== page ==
Original post: http://businessvalueexchange.com/brains-are-machines-series-blog-1-shifting-sands/ The industrial revolution saw the landscape of Britain transformed from rural & agricultural to urban & industrial. The mass exodus of people from the country into the city represented a fundamental shift in the social fabric of the country.
The companies themselves were able to recruit and retain low-skilled workers, working on high-cost machinery that required constant maintenance and investment. The machines had maintenance schedules, were constantly oiled, monitored, measured, and had parts regularly replaced because they were the core contributor to the profitability of a company.
A worker leaving the company had little impact on the capability of the business to create its product.
The information age has brought with it a shift in power toward the knowledge worker due to the nature of work. The information worker is a higher-cost resource, holds more tacit knowledge and intrinsically more value to a business, as their knowledge is part of the whole make-up and fabric of a company. Put bluntly “their brain is part of the machinery”. And therefore a business has more reliance on its people as resources, rather than its machinery (or infrastructure).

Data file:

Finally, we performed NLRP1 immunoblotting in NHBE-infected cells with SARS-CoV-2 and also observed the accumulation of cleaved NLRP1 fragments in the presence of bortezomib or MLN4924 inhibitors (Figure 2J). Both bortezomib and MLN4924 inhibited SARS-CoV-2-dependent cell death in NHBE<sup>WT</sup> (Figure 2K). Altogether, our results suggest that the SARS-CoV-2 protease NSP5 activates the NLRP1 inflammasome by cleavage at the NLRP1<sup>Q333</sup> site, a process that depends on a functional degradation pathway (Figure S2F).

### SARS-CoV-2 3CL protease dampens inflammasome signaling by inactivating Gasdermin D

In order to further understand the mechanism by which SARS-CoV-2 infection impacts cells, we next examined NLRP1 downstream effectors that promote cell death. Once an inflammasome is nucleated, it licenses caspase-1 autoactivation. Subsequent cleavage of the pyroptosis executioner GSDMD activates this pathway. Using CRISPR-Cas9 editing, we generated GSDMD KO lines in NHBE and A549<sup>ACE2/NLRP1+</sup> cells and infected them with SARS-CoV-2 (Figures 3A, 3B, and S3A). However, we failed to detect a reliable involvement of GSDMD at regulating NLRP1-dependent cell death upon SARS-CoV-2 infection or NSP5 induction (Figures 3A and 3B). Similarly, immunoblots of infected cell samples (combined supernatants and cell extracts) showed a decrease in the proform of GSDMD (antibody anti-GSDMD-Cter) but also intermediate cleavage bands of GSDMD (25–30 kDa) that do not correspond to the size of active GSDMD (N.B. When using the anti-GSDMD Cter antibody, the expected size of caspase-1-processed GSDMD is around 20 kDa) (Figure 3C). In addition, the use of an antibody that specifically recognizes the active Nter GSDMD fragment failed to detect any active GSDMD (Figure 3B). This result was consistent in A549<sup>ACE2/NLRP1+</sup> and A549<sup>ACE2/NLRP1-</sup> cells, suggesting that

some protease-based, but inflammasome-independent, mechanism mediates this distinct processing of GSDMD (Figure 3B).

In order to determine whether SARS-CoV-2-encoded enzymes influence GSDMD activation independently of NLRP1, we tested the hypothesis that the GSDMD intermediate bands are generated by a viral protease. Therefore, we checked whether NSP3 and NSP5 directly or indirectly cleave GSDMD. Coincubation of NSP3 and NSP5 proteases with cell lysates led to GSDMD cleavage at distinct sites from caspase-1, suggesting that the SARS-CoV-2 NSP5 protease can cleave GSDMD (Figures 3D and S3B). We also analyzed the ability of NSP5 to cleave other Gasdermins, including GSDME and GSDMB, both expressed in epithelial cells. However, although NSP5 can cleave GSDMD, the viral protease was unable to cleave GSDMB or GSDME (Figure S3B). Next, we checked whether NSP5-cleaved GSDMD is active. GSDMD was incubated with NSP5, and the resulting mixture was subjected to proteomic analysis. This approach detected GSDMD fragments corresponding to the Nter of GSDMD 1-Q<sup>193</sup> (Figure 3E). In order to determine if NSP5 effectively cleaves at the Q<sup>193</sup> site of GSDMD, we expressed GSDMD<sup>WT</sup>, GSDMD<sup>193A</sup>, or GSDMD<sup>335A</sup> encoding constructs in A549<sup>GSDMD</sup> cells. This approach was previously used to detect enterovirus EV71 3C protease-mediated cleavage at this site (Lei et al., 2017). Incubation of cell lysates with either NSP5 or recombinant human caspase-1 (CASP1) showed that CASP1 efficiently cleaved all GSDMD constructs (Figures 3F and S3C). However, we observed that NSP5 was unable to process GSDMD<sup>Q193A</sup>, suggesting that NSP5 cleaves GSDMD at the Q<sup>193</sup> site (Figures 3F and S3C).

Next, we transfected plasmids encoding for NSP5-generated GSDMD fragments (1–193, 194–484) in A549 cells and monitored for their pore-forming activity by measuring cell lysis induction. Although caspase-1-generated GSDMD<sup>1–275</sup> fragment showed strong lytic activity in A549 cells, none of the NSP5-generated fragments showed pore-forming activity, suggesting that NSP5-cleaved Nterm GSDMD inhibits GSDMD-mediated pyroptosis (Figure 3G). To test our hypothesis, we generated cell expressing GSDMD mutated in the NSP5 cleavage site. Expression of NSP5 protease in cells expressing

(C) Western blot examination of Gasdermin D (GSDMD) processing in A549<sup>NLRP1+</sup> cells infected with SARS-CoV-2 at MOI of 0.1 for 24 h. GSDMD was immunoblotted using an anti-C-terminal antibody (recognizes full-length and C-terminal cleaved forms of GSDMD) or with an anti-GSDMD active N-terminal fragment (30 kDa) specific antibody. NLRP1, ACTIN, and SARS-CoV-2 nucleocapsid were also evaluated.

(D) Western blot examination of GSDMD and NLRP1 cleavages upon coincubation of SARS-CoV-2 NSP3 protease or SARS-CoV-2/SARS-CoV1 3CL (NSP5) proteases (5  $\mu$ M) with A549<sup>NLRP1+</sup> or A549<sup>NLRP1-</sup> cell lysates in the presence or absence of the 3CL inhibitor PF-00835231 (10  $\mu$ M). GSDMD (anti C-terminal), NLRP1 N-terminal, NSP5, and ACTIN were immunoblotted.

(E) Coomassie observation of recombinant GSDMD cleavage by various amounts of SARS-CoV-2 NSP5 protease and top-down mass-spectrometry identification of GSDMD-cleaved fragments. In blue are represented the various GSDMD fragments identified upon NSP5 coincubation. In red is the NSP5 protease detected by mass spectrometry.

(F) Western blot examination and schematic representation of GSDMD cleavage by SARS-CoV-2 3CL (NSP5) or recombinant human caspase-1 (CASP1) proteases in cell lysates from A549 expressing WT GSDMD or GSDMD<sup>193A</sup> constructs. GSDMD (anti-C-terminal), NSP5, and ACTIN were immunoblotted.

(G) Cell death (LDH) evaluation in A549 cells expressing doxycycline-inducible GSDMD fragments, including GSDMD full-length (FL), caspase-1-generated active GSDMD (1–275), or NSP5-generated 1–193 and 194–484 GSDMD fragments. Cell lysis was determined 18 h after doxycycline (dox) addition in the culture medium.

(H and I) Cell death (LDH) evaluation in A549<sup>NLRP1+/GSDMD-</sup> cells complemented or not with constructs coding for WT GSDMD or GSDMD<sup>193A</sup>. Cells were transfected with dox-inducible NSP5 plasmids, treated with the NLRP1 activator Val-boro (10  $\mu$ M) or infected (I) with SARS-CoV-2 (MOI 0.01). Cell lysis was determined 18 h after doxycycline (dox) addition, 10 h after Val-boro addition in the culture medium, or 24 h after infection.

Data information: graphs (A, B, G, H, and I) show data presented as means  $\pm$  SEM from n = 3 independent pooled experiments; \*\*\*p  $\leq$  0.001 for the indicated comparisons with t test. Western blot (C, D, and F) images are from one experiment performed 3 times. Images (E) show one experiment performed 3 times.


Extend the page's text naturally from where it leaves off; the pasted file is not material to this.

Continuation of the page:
A worker leaving the company has a larger impact on the capability of the business to create its product or service. Tacit knowledge is leaving the business, a new worker is required and their induction into the collective takes far longer and costs a lot more.
So if brains are the machinery of your company, what kind of shape are they in?
How much are you investing in them, what does their maintenance schedule look like?
The software industry has a scarcity of resource, and this scarcity of resource has existed for a number of years. In the manpower survey of 2012, 25% of EMEA employers reported difficulty filling jobs due to a lack of available talent. It has led to you being in a talent war, having to pay c20% fees for recruitment of team members before they’ve walked through the door. Also, your best ‘machinery’ is at risk of being head-hunted by the competition.
So if you’re paying c20% to a 3rd party just to bring talent through the door, and your best talent is at risk of being pinched, how much should you be paying to develop and maintain that talent?
 Talent Shortage Survey 2012, Manpower Group